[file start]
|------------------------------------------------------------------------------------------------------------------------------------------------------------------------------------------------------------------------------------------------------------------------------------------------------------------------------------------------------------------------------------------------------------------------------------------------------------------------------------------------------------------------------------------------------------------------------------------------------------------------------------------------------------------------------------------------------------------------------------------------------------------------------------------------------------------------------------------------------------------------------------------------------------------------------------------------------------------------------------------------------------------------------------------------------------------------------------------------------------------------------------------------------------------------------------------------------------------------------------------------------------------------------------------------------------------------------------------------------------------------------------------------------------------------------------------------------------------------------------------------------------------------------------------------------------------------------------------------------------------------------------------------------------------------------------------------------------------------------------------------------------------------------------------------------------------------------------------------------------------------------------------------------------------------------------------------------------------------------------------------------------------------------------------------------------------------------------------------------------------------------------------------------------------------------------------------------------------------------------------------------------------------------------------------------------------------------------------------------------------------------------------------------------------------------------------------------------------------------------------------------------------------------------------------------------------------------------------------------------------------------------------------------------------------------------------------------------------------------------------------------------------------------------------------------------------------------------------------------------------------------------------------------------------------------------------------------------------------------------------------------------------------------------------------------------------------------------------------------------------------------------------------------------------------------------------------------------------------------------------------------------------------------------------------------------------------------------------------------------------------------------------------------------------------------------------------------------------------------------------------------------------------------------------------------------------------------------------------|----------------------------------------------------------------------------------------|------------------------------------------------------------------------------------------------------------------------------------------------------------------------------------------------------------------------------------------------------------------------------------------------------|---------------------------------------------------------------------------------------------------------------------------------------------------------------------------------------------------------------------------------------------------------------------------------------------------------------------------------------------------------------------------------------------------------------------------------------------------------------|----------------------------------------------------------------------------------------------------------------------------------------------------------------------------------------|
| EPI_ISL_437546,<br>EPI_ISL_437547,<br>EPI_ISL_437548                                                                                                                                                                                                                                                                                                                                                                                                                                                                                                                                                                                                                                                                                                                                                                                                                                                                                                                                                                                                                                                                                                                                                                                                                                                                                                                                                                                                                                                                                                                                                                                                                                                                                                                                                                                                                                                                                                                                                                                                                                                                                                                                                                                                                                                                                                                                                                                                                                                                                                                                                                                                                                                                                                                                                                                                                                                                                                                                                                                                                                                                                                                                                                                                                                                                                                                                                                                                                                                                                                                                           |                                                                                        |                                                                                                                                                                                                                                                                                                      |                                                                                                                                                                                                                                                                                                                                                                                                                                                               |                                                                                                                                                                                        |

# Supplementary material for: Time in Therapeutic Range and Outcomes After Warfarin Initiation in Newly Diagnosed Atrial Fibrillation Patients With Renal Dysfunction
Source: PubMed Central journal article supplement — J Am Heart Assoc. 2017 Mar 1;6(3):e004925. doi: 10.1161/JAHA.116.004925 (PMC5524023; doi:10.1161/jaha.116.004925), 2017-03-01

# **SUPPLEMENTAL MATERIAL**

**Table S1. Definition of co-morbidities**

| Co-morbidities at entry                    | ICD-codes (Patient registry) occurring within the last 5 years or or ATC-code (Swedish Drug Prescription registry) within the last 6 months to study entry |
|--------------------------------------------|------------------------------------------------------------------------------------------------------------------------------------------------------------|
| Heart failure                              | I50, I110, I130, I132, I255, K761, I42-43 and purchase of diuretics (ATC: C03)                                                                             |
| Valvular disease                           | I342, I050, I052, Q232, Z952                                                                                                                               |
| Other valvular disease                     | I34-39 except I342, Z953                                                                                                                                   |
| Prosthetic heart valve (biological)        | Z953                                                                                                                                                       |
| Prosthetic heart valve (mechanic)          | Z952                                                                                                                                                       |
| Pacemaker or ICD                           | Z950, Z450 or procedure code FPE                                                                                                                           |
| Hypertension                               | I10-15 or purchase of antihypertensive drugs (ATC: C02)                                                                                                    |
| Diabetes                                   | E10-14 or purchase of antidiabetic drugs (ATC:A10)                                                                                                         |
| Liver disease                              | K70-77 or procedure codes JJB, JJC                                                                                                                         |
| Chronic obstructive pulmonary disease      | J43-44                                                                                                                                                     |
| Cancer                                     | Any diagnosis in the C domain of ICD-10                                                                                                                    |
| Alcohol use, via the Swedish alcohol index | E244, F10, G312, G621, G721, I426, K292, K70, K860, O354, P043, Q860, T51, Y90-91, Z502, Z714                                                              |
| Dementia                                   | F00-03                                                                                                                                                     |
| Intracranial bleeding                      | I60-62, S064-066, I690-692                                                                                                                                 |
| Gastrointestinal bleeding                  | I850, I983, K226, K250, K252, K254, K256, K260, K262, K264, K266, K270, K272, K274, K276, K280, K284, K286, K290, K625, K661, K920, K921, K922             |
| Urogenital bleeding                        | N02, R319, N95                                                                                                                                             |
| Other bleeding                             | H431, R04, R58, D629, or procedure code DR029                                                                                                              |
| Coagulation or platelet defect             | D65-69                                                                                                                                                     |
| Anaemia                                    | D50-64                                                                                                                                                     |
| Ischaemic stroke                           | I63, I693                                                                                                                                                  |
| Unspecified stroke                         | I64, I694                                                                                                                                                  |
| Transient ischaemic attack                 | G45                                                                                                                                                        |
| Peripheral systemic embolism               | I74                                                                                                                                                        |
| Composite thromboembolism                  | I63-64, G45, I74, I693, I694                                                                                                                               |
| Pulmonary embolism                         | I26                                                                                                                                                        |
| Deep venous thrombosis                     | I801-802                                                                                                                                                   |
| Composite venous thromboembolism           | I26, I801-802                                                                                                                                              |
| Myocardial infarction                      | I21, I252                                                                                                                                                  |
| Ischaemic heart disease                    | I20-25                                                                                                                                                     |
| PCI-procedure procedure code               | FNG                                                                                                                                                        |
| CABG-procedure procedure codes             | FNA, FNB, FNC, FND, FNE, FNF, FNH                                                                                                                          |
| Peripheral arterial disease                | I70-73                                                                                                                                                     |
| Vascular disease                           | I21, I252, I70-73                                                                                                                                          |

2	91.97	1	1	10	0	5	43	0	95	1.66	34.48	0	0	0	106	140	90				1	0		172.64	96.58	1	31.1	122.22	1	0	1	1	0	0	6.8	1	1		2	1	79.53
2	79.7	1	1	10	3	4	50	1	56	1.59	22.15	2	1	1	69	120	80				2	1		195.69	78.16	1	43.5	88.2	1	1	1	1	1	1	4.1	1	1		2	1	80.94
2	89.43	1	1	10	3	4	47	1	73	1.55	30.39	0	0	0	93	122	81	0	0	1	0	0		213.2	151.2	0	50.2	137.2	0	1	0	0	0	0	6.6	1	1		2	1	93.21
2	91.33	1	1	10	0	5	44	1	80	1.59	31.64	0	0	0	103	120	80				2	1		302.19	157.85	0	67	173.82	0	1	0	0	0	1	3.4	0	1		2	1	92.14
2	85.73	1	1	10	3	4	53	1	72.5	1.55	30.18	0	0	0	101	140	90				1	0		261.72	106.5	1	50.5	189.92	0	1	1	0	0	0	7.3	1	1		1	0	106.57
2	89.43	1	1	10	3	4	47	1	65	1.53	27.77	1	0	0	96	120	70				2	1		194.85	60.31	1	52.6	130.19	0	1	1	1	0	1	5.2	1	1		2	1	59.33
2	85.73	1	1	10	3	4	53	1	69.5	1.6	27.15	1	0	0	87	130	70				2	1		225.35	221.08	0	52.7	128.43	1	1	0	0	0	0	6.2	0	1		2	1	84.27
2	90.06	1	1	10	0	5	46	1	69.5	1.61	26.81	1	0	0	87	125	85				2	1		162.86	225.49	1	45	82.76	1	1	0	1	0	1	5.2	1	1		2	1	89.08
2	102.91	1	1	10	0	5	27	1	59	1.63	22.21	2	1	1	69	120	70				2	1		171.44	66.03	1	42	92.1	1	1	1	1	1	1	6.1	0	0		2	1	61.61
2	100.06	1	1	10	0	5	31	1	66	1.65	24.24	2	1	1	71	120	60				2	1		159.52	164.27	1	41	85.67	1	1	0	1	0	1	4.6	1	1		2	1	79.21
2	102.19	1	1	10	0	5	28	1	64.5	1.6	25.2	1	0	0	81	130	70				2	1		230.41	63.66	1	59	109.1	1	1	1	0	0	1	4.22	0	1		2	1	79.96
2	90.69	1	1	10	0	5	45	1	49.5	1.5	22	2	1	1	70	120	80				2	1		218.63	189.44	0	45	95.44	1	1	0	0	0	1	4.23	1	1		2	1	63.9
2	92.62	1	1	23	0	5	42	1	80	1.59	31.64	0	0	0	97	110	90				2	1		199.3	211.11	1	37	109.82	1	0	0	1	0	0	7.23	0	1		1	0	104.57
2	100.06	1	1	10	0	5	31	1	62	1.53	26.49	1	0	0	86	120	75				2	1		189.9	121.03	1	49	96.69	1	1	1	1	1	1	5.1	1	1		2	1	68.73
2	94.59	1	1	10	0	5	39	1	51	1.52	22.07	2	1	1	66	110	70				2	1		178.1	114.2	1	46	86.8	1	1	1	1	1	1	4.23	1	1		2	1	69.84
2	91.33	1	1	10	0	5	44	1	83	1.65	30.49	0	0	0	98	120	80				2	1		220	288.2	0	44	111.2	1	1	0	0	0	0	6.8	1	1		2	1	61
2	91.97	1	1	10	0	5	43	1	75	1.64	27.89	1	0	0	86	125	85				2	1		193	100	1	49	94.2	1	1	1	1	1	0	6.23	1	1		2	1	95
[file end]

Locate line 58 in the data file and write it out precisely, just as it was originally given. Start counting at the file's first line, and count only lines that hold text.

2	91.97	1	1	10	0	5	43	1	75	1.64	27.89	1	0	0	86	125	85				2	1		193	100	1	49	94.2	1	1	1	1	1	0	6.23	1	1		2	1	95